Hirooka started out selling to the dealers of Furumonzen-Shinmonzen and knows the business inside out. His merchandise, including tansu, Imari, and bamboo baskets reflects a skilled eye. Hirooka credits Kyoto’s long-term foreign residents with helping to develop it; he says that they, rather than the tourists who shop at Shinmonzen, were the ones who really taught the Japanese the beauty of ordinary Japanese antiques.
Hirooka’s selection of Imari is impressive, and his tansu are only rivaled by those at Kawasaki Bijutsu. He does not discount. His prices reflect an item’s true value, he says, and he will happily explain how he arrived at that price. From the Kitayama subway station, take Exit 1 and walk two minutes east. At the first street on the north side of Kitayama, turn left and you’ll see the shop on your right about 15 meters up.
Running west for about 500 meters from Higashi-oji just north of the Gion district, is the old center of Kyoto’s antique industry. This is where the Americans got some of Japan’s finest treasures for next to nothing and many many did. In the Russian war, POWs were allowed to go and shop on Shin Monzen as the barracks for POWs in the Kansai region was nearby in Kyoto). The shops here are less suited for window shopping, but interesting in every other way.
Among the many reputable names in the area, Kawasaki Bijutsu (formerly Kyoto Screen), at the east end of Shinmonzen stands out for its exquisite collection of byobu (screens) and tansu (chests).
At Shinmonzen’s west end, is another shop where, although you’ll find no bargains, you can rest assured that everything is of excellent quality. The shop is famous for Imari blue-and-white porcelain. If you’re thinking of purchasing a piece for display, this would be the place to look.
Also on Shinmonzen, just east of Hanami-koji, is Nakajima (075) 561-7771, with an eclectic assemblage of items that reflect owner Gentaro Nakajima’s shrewd eye.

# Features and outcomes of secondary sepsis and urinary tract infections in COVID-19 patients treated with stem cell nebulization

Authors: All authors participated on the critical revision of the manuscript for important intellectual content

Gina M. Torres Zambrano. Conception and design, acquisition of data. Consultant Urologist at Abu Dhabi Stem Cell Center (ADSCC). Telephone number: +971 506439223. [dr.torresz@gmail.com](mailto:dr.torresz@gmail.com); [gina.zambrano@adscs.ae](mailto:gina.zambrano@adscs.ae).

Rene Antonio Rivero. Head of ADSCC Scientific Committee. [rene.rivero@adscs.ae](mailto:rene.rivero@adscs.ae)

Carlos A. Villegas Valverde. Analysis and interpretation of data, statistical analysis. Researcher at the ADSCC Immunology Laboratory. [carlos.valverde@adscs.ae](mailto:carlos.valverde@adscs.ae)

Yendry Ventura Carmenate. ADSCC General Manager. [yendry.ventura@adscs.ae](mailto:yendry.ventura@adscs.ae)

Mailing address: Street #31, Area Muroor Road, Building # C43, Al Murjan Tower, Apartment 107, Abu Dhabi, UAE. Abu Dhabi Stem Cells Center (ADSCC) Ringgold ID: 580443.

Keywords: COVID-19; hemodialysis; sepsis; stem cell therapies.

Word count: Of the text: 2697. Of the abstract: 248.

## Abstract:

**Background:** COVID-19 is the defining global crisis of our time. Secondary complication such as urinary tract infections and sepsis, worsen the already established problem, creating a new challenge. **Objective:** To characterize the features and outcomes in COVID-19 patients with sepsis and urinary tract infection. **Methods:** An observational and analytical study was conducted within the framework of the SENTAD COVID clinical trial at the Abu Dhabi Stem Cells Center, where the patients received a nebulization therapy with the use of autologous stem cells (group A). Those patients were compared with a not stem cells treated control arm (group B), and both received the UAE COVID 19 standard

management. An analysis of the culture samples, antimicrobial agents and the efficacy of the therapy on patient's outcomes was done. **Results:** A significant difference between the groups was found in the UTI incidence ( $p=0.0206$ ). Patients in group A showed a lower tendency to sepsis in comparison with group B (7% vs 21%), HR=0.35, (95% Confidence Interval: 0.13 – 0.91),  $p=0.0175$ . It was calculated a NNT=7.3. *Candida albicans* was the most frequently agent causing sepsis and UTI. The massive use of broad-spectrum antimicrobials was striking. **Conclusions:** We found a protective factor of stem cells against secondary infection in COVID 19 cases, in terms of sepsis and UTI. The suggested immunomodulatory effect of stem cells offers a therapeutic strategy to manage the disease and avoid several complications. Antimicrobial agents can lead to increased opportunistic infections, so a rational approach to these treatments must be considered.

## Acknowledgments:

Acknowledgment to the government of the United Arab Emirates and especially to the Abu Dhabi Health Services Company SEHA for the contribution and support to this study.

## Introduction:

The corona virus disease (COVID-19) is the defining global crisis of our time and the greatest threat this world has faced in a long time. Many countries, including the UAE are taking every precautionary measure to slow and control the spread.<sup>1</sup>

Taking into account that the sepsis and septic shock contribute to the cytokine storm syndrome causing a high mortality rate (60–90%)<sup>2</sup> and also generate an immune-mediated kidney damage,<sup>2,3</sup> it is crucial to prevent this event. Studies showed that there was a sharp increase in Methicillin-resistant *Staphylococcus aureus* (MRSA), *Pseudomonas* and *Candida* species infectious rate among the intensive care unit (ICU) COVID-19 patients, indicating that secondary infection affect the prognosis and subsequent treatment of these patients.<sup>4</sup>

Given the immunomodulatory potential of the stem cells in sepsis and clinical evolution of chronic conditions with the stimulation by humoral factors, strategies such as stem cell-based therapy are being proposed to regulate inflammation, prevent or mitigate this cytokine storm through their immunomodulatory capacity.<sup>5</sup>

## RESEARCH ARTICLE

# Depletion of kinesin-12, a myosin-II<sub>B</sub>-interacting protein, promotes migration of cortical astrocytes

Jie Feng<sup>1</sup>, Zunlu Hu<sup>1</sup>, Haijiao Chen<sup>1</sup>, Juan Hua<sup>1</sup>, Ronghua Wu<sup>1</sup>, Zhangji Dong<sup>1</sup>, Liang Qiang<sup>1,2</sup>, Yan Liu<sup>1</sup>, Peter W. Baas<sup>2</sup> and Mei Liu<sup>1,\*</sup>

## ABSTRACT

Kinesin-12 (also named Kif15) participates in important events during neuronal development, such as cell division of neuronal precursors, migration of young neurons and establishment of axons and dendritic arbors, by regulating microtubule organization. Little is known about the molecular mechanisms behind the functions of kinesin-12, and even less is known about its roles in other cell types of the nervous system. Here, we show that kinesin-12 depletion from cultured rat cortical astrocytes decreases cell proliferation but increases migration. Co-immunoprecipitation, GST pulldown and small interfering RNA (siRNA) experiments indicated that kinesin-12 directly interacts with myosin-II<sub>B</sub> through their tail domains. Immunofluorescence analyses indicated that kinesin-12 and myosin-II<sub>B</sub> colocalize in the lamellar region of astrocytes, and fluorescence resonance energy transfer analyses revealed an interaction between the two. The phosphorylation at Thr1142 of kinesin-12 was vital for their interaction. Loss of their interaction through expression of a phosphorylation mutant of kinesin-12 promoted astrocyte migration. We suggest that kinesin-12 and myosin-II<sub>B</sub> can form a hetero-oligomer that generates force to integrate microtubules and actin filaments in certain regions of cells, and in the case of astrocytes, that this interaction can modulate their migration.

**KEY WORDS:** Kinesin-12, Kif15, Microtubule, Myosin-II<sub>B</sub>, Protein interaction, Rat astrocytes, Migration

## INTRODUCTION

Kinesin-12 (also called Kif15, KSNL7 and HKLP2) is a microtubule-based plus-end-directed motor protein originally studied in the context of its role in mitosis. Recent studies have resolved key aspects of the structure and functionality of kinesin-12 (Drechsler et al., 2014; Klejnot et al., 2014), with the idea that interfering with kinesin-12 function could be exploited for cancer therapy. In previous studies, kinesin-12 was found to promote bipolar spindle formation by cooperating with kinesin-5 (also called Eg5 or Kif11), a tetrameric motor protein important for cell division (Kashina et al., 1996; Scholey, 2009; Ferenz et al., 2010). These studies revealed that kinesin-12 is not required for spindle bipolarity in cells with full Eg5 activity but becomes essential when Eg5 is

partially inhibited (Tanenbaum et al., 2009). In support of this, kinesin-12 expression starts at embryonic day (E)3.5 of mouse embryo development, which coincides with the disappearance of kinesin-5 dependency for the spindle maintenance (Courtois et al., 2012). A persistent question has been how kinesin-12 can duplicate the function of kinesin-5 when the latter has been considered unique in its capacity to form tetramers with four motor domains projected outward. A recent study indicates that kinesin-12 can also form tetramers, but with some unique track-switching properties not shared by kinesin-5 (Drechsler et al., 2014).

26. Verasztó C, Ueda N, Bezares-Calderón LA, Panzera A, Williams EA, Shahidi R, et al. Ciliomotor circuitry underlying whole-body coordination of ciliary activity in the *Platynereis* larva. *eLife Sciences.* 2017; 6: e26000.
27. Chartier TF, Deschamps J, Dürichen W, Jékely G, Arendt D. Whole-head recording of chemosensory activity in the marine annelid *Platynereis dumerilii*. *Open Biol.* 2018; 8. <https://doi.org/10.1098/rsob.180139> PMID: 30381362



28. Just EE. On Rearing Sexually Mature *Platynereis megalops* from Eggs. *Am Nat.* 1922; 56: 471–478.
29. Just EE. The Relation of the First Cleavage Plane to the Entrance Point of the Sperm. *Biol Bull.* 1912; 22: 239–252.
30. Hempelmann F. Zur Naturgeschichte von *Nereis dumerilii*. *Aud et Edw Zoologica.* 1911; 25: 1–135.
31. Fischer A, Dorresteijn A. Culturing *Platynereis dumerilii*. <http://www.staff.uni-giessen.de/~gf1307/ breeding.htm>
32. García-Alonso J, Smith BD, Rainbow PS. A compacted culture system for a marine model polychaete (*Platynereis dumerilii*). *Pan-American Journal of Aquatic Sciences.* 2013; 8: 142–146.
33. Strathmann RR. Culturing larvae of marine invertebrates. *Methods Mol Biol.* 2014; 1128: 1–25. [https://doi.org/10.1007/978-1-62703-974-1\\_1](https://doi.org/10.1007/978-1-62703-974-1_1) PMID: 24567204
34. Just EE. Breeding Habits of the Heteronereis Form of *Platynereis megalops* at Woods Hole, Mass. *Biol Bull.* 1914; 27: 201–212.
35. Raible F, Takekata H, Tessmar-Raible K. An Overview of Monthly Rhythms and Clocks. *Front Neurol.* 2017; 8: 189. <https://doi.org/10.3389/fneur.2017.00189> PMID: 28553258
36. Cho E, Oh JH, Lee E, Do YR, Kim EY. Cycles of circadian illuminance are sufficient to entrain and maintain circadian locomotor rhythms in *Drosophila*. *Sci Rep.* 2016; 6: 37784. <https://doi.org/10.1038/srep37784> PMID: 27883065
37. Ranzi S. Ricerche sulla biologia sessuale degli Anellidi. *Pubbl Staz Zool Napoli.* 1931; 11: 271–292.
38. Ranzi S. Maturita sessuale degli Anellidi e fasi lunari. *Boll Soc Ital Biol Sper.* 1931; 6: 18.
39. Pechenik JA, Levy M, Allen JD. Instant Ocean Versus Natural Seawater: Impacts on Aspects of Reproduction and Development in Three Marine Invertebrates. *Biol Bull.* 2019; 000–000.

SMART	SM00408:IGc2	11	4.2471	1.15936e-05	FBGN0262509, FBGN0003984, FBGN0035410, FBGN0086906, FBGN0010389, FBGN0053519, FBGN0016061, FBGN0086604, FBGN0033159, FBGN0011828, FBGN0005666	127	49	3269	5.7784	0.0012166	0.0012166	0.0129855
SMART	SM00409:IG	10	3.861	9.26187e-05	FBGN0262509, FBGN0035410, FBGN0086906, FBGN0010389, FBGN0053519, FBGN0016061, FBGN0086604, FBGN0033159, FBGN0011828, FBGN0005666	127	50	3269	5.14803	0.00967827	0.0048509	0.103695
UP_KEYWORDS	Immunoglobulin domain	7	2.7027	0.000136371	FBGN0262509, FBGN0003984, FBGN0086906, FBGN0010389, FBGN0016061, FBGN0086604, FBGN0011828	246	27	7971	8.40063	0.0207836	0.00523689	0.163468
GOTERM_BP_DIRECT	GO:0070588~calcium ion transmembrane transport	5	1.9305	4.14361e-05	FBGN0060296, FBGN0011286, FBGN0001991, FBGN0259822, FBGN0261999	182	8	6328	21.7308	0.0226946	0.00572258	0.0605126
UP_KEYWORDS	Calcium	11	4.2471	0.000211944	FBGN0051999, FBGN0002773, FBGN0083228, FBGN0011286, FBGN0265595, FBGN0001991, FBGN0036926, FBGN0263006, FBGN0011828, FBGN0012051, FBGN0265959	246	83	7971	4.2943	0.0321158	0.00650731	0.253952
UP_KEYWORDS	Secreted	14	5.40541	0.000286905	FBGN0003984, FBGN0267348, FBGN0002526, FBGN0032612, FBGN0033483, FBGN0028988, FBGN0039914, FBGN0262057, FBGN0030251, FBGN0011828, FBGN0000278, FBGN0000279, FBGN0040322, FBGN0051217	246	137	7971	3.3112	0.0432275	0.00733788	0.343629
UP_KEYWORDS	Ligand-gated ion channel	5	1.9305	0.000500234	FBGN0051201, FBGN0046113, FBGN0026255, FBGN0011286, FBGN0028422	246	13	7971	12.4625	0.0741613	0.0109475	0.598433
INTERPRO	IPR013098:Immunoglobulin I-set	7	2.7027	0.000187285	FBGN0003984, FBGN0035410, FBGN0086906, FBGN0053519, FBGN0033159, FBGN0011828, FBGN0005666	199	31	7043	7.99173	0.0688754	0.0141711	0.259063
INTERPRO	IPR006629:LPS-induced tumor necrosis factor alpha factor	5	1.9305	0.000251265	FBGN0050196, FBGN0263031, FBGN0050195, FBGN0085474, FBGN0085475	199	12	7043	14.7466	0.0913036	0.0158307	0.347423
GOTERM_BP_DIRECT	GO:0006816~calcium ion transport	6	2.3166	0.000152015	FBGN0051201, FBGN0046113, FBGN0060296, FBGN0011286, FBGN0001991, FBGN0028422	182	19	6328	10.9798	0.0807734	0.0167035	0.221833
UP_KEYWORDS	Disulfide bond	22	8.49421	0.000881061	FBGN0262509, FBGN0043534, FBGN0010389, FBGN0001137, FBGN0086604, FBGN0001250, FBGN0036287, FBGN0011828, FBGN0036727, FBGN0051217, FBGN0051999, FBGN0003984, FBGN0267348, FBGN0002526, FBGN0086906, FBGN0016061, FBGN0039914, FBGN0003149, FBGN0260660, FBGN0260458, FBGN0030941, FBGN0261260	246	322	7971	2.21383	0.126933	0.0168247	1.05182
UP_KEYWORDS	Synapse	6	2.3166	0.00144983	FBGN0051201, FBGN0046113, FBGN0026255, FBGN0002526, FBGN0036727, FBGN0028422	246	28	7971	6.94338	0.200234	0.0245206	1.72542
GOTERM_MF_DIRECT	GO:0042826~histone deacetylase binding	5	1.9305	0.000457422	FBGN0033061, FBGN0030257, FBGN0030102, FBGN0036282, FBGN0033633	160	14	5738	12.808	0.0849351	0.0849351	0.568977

A newcomer to the district is Yakata on Nawate-dori, just north of Shinmonzen, which recently moved here from Teramachi-dori. Yakata’s goods, which mainly come directly from old family storehouses, run from late Edo to Taisho.
Situated at Furumonzen Street in the Motomachi neighborhood of Higashiyama-ku district, Kadendo offers a wide variety of items, including Imari pottery dating from the Edo and Meiji periods, Buddhist sculptures, old writings and paintings, hanging scrolls, tea sets, monument inscriptions. The store’s motto is “Old and pleasing artwork”.
On the south side of Furumonzen, east of Nawate-dori, is Kadendo Most of owner Kenji Nakayama’s intriguing stock of antiques was assembled during his days as a collector. When he spotted a “For Sale” sign on the building that now houses his shop, the Osaka native gave up his company job, relocated to Kyoto, and took up the life of a dealer.
Address: 382-8 Motomachi, Furumonzen-dori Yamatooji Higashi-iru, Higashiyama-ku, Kyoto 605-0089
Hours: Friday to Tuesday 11 – 7
Robert Mangold Gallery
A superb gallery for serious collectors and passionate amateurs. The offerings span the eras and genres of Japanese art.
If you are in the mood for antiques and ancient art, you should come to this place and step right back into the past as they carry items that date back as far as 300 years ago. Be amazed by the beautiful lacquerware and ceramics and if you plan to buy them, do remember that you can’t use them with your microwave ovens! The items here are simply breathtaking. Even if you can’t afford antiques, you should just stop by here for the experience.
Robert Yellin Gallery
A must-visit gallery for fans of Japanese ceramics.
Pulse Plaza Antique Grand Fair
Held several times a year at the Pulse Plaza event hall in Takeda, which is a few stops south of Kyoto Station on the Karasuma subway line, this vast art and antiques fair is a step above the other monthly markets. A lot of serious international buyers and collectors come here to purchase high-end pieces, but there’s also a lot of reasonably priced stuff on sale as well. Check our events pages for listings of upcoming Pulse Plaza Antique Grand Fairs.